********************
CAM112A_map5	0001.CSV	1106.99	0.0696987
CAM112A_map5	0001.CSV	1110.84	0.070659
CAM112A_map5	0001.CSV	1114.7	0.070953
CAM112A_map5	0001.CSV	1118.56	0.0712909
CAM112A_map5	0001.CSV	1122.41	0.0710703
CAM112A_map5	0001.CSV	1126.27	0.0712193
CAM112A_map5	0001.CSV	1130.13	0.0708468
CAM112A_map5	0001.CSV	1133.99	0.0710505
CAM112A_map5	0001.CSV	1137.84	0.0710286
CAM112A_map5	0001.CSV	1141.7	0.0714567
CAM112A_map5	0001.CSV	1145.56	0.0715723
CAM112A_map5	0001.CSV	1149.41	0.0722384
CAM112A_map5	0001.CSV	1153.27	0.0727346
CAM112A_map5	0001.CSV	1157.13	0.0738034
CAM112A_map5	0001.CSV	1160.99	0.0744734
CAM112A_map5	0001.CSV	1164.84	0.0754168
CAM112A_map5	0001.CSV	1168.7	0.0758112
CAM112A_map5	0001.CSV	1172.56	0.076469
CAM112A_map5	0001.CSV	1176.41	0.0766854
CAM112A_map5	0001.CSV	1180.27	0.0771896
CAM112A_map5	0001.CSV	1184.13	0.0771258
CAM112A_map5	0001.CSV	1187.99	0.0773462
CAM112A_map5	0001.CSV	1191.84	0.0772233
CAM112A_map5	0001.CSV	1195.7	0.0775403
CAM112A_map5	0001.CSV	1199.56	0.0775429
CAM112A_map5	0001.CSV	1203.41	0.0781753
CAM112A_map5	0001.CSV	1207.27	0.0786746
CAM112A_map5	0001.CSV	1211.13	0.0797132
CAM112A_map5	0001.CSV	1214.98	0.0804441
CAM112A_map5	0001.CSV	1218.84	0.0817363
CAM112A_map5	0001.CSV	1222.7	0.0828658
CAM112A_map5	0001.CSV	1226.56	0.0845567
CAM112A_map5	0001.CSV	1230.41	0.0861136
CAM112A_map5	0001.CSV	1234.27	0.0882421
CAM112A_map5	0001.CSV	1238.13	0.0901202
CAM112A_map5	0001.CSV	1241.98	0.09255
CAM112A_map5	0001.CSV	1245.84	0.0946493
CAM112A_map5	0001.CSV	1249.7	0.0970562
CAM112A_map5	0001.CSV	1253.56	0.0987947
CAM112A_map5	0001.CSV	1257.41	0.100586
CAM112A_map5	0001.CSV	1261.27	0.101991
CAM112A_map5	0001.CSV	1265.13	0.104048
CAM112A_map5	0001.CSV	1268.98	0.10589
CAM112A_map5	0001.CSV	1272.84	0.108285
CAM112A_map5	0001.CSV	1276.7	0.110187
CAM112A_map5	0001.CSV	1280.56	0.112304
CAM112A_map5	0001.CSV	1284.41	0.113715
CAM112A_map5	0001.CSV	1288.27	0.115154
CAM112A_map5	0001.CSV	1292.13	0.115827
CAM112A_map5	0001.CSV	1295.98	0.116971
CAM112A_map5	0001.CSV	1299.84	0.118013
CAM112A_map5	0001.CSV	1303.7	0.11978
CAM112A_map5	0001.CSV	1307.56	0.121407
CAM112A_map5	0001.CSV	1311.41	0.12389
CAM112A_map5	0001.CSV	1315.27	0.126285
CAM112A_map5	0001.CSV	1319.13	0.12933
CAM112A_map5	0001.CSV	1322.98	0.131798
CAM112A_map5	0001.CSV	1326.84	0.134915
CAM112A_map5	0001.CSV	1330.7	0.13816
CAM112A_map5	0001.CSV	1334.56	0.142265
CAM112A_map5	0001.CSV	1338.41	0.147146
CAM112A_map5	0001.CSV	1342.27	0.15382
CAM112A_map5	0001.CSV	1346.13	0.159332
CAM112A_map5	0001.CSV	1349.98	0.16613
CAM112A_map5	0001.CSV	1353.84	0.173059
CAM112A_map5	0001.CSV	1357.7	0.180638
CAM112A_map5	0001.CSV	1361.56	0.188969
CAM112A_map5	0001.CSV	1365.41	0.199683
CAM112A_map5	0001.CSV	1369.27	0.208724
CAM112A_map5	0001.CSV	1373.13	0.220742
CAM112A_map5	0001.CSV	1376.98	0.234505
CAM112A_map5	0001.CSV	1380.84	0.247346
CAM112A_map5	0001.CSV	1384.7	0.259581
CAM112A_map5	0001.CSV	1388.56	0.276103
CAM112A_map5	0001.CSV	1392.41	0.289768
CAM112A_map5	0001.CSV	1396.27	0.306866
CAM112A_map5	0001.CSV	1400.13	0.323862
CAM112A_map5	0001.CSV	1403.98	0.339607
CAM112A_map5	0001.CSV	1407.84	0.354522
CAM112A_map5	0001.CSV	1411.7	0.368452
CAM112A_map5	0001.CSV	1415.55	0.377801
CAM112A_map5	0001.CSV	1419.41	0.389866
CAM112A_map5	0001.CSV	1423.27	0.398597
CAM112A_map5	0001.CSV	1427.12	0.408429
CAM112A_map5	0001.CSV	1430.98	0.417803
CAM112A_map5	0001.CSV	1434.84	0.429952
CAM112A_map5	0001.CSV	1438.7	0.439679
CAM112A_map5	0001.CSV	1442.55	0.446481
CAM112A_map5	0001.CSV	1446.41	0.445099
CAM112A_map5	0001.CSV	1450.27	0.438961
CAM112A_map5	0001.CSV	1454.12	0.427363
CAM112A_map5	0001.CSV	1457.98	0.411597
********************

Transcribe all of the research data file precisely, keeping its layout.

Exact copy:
CAM112A_map5	0001.CSV	1106.99	0.0696987
CAM112A_map5	0001.CSV	1110.84	0.070659
CAM112A_map5	0001.CSV	1114.7	0.070953
CAM112A_map5	0001.CSV	1118.56	0.0712909
CAM112A_map5	0001.CSV	1122.41	0.0710703
CAM112A_map5	0001.CSV	1126.27	0.0712193
CAM112A_map5	0001.CSV	1130.13	0.0708468
CAM112A_map5	0001.CSV	1133.99	0.0710505
CAM112A_map5	0001.CSV	1137.84	0.0710286
CAM112A_map5	0001.CSV	1141.7	0.0714567
CAM112A_map5	0001.CSV	1145.56	0.0715723
CAM112A_map5	0001.CSV	1149.41	0.0722384
CAM112A_map5	0001.CSV	1153.27	0.0727346
CAM112A_map5	0001.CSV	1157.13	0.0738034
CAM112A_map5	0001.CSV	1160.99	0.0744734
CAM112A_map5	0001.CSV	1164.84	0.0754168
CAM112A_map5	0001.CSV	1168.7	0.0758112
CAM112A_map5	0001.CSV	1172.56	0.076469
CAM112A_map5	0001.CSV	1176.41	0.0766854
CAM112A_map5	0001.CSV	1180.27	0.0771896
CAM112A_map5	0001.CSV	1184.13	0.0771258
CAM112A_map5	0001.CSV	1187.99	0.0773462
CAM112A_map5	0001.CSV	1191.84	0.0772233
CAM112A_map5	0001.CSV	1195.7	0.0775403
CAM112A_map5	0001.CSV	1199.56	0.0775429
CAM112A_map5	0001.CSV	1203.41	0.0781753
CAM112A_map5	0001.CSV	1207.27	0.0786746
CAM112A_map5	0001.CSV	1211.13	0.0797132
CAM112A_map5	0001.CSV	1214.98	0.0804441
CAM112A_map5	0001.CSV	1218.84	0.0817363
CAM112A_map5	0001.CSV	1222.7	0.0828658
CAM112A_map5	0001.CSV	1226.56	0.0845567
CAM112A_map5	0001.CSV	1230.41	0.0861136
CAM112A_map5	0001.CSV	1234.27	0.0882421
CAM112A_map5	0001.CSV	1238.13	0.0901202
CAM112A_map5	0001.CSV	1241.98	0.09255
CAM112A_map5	0001.CSV	1245.84	0.0946493
CAM112A_map5	0001.CSV	1249.7	0.0970562
CAM112A_map5	0001.CSV	1253.56	0.0987947
CAM112A_map5	0001.CSV	1257.41	0.100586
CAM112A_map5	0001.CSV	1261.27	0.101991
CAM112A_map5	0001.CSV	1265.13	0.104048
CAM112A_map5	0001.CSV	1268.98	0.10589
CAM112A_map5	0001.CSV	1272.84	0.108285
CAM112A_map5	0001.CSV	1276.7	0.110187
CAM112A_map5	0001.CSV	1280.56	0.112304
CAM112A_map5	0001.CSV	1284.41	0.113715
CAM112A_map5	0001.CSV	1288.27	0.115154
CAM112A_map5	0001.CSV	1292.13	0.115827
CAM112A_map5	0001.CSV	1295.98	0.116971
CAM112A_map5	0001.CSV	1299.84	0.118013
CAM112A_map5	0001.CSV	1303.7	0.11978
CAM112A_map5	0001.CSV	1307.56	0.121407
CAM112A_map5	0001.CSV	1311.41	0.12389
CAM112A_map5	0001.CSV	1315.27	0.126285
CAM112A_map5	0001.CSV	1319.13	0.12933
CAM112A_map5	0001.CSV	1322.98	0.131798
CAM112A_map5	0001.CSV	1326.84	0.134915
CAM112A_map5	0001.CSV	1330.7	0.13816
CAM112A_map5	0001.CSV	1334.56	0.142265
CAM112A_map5	0001.CSV	1338.41	0.147146
CAM112A_map5	0001.CSV	1342.27	0.15382
CAM112A_map5	0001.CSV	1346.13	0.159332
CAM112A_map5	0001.CSV	1349.98	0.16613
CAM112A_map5	0001.CSV	1353.84	0.173059
CAM112A_map5	0001.CSV	1357.7	0.180638
CAM112A_map5	0001.CSV	1361.56	0.188969
CAM112A_map5	0001.CSV	1365.41	0.199683
CAM112A_map5	0001.CSV	1369.27	0.208724
CAM112A_map5	0001.CSV	1373.13	0.220742
CAM112A_map5	0001.CSV	1376.98	0.234505
CAM112A_map5	0001.CSV	1380.84	0.247346
CAM112A_map5	0001.CSV	1384.7	0.259581
CAM112A_map5	0001.CSV	1388.56	0.276103
CAM112A_map5	0001.CSV	1392.41	0.289768
CAM112A_map5	0001.CSV	1396.27	0.306866
CAM112A_map5	0001.CSV	1400.13	0.323862
CAM112A_map5	0001.CSV	1403.98	0.339607
CAM112A_map5	0001.CSV	1407.84	0.354522
CAM112A_map5	0001.CSV	1411.7	0.368452
CAM112A_map5	0001.CSV	1415.55	0.377801
CAM112A_map5	0001.CSV	1419.41	0.389866
CAM112A_map5	0001.CSV	1423.27	0.398597
CAM112A_map5	0001.CSV	1427.12	0.408429
CAM112A_map5	0001.CSV	1430.98	0.417803
CAM112A_map5	0001.CSV	1434.84	0.429952
CAM112A_map5	0001.CSV	1438.7	0.439679
CAM112A_map5	0001.CSV	1442.55	0.446481
CAM112A_map5	0001.CSV	1446.41	0.445099
CAM112A_map5	0001.CSV	1450.27	0.438961
CAM112A_map5	0001.CSV	1454.12	0.427363
CAM112A_map5	0001.CSV	1457.98	0.411597